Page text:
Segregation analyses and a genome-wide linkage search confirm genetic heterogeneity and suggest oligogenic inheritance in some Milroy congenital primary lymphedema families.
ABSTRACT We previously described six families with Milroy congenital lymphedema, only one of which showed possible linkage to a candidate locus on chromosome 5 [Witte et al., 1998]. We have now performed a complex segregation analysis of these families, and performed linkage analyses with the other 387 markers used in our genome-wide search. Our results confirm that Milroy lymphedema is generally inherited as a dominant condition. However, this mode of inheritance, as elucidated from the segregation analyses, did not account for all observed familial correlations. The segregation analysis also suggested that shared environmental or additional genetic factors are important in explaining the observed familial aggregation. The finding of linkage to multiple locations in the largest family studied by multipoint parametric mapping (one of which was confirmed by sib-pair non-parametric mapping), suggests that Milroy congenital lymphedema may be oligogenic in this family.
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ABSTRACT: Introduction. Primary congenital lymphedema is a rare disorder associated with insufficient development of lymphatic vessels. Usually most patients present with lower extremity edema seen sonographically. Rarely primary congenital lymphedema may be associated with severe lymphatic dysfunction resulting in hydrops fetalis. Case. A 27-year-old primigravida with a family history of leg swelling throughout multiple generations was diagnosed early in the third trimester with hydrops fetalis. Delivery was undertaken at 32 weeks for nonreassuring fetal status and the infant expired at approximately 45 minutes of life. Primary congenital lymphedema was confirmed via molecular testing of the vascular endothelial growth factor receptor-3 gene. Discussion. The diagnosis of PCL is suspected prenatally when ultrasound findings coincide with a positive family history of chronic lower limb lymphedema. Isolated PCL is rarely associated with significant complications. Rarely, however, widespread lymphatic dysplasia may occur, possibly resulting in nonimmune hydrops fetalis.02/2013; 2013:186173. DOI:10.1155/2013/186173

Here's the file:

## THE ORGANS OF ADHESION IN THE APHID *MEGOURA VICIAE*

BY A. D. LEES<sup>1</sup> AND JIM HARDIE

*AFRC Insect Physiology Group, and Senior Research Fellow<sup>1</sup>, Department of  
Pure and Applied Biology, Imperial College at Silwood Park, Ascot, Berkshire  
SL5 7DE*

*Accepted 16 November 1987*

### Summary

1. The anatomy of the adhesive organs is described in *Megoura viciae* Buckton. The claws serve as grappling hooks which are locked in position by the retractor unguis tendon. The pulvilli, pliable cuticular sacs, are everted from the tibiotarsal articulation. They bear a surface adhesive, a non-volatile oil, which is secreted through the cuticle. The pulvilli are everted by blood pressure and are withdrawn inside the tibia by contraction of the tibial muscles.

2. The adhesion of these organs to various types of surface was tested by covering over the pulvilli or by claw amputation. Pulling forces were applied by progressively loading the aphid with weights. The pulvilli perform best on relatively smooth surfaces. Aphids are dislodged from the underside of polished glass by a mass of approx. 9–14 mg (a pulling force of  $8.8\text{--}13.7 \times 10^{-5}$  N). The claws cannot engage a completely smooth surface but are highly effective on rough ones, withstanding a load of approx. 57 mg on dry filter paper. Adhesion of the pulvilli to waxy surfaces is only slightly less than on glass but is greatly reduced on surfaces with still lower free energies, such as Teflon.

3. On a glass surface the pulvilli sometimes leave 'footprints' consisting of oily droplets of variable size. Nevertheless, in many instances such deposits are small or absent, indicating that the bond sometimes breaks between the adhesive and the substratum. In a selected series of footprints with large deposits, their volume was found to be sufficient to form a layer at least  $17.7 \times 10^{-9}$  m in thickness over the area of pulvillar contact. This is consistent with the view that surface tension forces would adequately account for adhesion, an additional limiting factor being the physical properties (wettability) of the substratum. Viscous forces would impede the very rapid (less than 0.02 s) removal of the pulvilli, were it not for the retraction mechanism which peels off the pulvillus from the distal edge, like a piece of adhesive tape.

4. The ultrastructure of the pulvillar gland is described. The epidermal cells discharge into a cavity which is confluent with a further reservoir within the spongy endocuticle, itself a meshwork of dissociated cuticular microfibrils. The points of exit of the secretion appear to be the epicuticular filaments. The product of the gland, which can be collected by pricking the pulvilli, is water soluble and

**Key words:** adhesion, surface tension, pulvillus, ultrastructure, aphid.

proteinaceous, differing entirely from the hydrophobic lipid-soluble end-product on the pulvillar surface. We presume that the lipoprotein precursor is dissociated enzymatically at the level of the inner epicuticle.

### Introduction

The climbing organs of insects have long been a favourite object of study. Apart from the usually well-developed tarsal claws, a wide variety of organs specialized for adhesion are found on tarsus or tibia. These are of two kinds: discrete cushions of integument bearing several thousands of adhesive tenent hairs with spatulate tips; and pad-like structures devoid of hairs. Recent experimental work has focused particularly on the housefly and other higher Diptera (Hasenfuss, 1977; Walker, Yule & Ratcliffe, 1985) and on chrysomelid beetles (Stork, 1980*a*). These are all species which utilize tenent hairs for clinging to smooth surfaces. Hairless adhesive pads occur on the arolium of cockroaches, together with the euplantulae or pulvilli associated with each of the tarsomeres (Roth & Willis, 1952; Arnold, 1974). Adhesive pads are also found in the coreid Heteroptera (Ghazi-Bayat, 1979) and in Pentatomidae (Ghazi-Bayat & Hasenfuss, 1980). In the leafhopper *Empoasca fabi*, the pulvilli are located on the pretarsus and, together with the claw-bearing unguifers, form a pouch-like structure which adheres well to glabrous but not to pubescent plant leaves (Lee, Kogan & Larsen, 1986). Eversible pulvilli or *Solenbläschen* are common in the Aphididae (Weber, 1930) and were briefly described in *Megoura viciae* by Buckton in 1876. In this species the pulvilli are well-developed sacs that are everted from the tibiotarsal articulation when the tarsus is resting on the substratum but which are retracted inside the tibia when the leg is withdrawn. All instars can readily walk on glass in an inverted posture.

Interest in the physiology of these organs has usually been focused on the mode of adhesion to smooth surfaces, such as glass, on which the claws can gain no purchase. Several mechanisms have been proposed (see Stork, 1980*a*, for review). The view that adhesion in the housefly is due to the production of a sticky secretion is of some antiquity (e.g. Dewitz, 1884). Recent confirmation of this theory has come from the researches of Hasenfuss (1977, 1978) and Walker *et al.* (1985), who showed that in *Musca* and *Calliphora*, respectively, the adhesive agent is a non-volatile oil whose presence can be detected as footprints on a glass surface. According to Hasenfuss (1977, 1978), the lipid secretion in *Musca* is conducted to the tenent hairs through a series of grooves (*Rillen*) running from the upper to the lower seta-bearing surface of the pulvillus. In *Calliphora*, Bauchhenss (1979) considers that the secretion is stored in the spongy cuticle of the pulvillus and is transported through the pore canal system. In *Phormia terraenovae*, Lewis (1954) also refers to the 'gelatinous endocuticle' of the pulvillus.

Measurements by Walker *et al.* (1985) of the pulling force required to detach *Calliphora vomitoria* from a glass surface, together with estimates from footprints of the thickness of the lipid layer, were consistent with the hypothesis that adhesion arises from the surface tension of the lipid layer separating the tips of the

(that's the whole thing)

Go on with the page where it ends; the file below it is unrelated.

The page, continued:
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ABSTRACT: Recent advances in the exploration and manipulation of the human genome provided new insights into the intricate genetics and control of lymphangiogenesis. Implications for embryogenesis and development of the lymphatic system and its role in some familial and aneuploid syndromes are reviewed, along with their genotypic and phenotypic characteristics. Increased understanding of growth and development of the lymphatic vessels may bring new therapeutic options for lymphatic angiodysplasias and control of the lymphatic spread of tumors.
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ABSTRACT: Milroy disease (MD) is an autosomal dominantly inherited primary lymphedema. In 1998, the gene locus for MD was mapped to 5q35.3 and variants in the VEGFR3 (FLT4) gene, encoding vascular endothelial growth factor receptor 3 (VEGFR3), were identified as being responsible for the majority of MD cases. Several reports have since been published detailing pathogenic FLT4 mutations. To date, a total of 58 different variants in FLT4, 20 of which are unpublished, have been observed in 95 families with MD. A review of published mutations is presented in this update. Furthermore, the unpublished variants are presented including clinical data. Comparison of clinical features in patients and their families with the same mutations reveals incomplete penetrance and variable expression, making genotype-phenotype correlations difficult. Most mutations are missense, but a few deletions and one splicing variant have also been reported. Several animal models have confirmed the role of VEGFR3 in lymphangiogenesis and studies show mutant VEGFR3 receptors are not phosphorylated. Here, an MD patient with the same p.Ile1053Phe change as seen in the Chy mouse is presented for the first time. This finding confirms that this mouse lineage is an excellent model for MD. All the data reviewed here has been submitted to a database based on the Leiden Open (source) Variation Database (LOVD) and is accessible online at www.lovd.nl/flt4.Human Mutation 01/2013; 34(1). DOI:10.1002/humu.22223 · 5.05 Impact Factor